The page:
I begin the day with a glance out my bedroom window to take measure of the present degree of voraciousness of “my” wild birds and small rodents. When I note that all four of the bird feeders are empty after a mere day and a half, I slump in defeat.
I don’t even know why I should have been hopeful; yesterday, too, began with distressing evidence of looting à la Peter Rabbit. I now have good reason to suspect either rabbits or voles (yes, that’s right — voles, mutualistic brethren of the mole) as the perpetrators who decimated in one day all the early spring growth of my newest perennials. Either way — rabbit or vole — my joyful anticipation of pinks, purples, and yellows has been scotched by an as-yet unidentified marauding vegetarian under the cover of darkness.
While I bemoaned my loss, muttering personally satisfying things like little fuckers, Bowie exploited my inattention by hopping up onto one of my raised beds and digging up a corner’s worth of fall-planted garlic. Fortunately for him, he knew to spit it out; unfortunately for me, the garlic he got was in minced form.)
With regard to the bird feeders, I lack the energy to single out any one culprit — like a mother with too many children or a teacher on a Friday afternoon, it’s much simpler to hold the entire brood responsible. I rap on the window and issue an appropriately captious barb. A handful of foraging juncos takes immediate flight, as does a cardinal. Following their lead is a chickadee; zipping in a tight arc to land higher up in the spruce tree, the stalwart little warrior no doubt is countering with his own retort. He always has the last word. It takes me opening the window and smacking the siding with my open palm to get a response from the faction of squawky redwing blackbirds. They’re slow to clear out, and their abrasive utterances fade even more gradually.
It all has me remembering conversations I used to have when my father-in-law was alive. Knowing how much of a rule follower I was, he took pleasure in scandalizing me with stories of his youth in which he flouted authority. No doubt his tenth grade teachers broke into jubilant jitterbug gyrations the day he announced — for real this time — I’m never coming back. And he didn’t. Long before he made his consequential declaration, however, “Big George” was abrading what he deemed society’s suffocating strictures. He was forever “muckling” things, like cigarettes and “adult” magazines from various of the City of Lynn’s corner stores, unsupervised wine at St. Mary’s where he was an altar boy, occasional slugs from his father’s bottles of scotch.
“Muckle” was one of his favorite things to do. Maybe it’s just me, but I’ve never been able to assay the veracity of this word that was so important to my father-in-law, even though its meaning was clear to me from its earliest usage. Big George always said it with such gusto — the word would nigh detonate from the side of his mouth, riding across a loose bed of gravel. His eyes bespoke the remembered pleasure of the act.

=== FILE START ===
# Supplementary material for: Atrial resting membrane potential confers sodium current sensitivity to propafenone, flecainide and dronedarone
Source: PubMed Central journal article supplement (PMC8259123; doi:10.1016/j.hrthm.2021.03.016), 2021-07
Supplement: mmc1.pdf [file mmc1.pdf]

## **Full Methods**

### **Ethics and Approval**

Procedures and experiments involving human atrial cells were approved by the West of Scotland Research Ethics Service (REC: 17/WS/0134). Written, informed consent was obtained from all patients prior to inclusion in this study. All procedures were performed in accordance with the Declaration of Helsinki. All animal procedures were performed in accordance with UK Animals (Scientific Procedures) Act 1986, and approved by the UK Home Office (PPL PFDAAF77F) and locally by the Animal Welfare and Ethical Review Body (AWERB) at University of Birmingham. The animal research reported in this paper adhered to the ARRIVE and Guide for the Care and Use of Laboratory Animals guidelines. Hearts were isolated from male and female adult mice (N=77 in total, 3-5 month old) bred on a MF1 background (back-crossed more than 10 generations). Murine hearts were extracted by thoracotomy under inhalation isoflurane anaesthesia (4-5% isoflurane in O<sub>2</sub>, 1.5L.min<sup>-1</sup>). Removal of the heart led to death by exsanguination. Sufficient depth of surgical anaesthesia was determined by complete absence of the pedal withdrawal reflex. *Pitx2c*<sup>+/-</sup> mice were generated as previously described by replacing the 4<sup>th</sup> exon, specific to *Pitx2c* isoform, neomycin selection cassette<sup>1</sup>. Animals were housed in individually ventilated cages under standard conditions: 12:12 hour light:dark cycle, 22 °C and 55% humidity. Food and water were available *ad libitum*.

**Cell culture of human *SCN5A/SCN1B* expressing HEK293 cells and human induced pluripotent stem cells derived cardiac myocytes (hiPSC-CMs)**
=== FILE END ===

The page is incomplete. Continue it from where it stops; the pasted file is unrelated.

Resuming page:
I lean back inside, muttering my unoriginal little fuckers. Right now, they’re all little fuckers — the rabbits, the deer (don’t even get me started!), the voles, the moles, the squirrels and chipmunks, the blackbirds. I like the juncos and chickadees and cardinals. They play by the rules, so I don’t assign them to the depraved Pack of Pilferers and Irritants.
At day’s end, as I coax my brain to float drowsily upon pre-slumber thoughts, I ponder the possible exploits of tonight’s creatures. Will the skunks be competing with the moles, raking the ground for grubs (they’re more plentiful this year now that I suspended my lawn service)? Will the rabbits shift their frisking about and foraging to another part of the yard, freezing — as ever — at the first sign of nocturnal predation?
Does everyone yearn for a personal oasis, I wonder. Even city dwellers with room enough only for a pot or two. . . of geraniums? Fountain grass? I’m daunted by the challenges that landscape and vegetable gardening brings. Truth be told, homeownership in general. Despite (by and large) a lifetime of rural living, it doesn’t come naturally to me. Most days I feel as if I’m engaged in a nonstop game of Whac-a-mole (befittingly), one in which I’m perpetually losing. There’s something reassuring about the madness, however. If I woke up tomorrow and failed to discern signs of plunder or strained my ears, hearing nothing but silence suggestive of abandonment by the opposition; the kinetic deprivation could be read as a chilling omen. . . existentially.
Before I spiral too deeply into apocalyptic thought, I’ll pull back in order to reflect on the upside of all this earnest pursuit to have our needs met. You know, the whole food chain thing. The circle of life. Granted, when my remedies result in me spending gobs of money on things like neem oil (to keep insects from destroying my cabbage and lettuce plants), chicken wire (to block rabbit devastation of just about every plant. . . except garlic), high fencing (to keep deer out), compost, fertilizer, trichlorfon (to kill grubs), etc., not only does it make me much poorer in the wallet, but it has a way of forcing me to cast a sobering look at what all I’m doing. Is that sweet, delicious tomato really worth the small fortune of investment? (Last September I would have answered with a resounding, yes!) And, aren’t I just tipping my hand and showing my arrogance when I say, You, cutie pie chickadee, and you, junco, are okay; you can occupy “my space”. But you, chonky squirrel, and you, clacky blackbird, are not welcome?
Besides which, rivalry is good. It keeps us on our toes. Bring it! I say.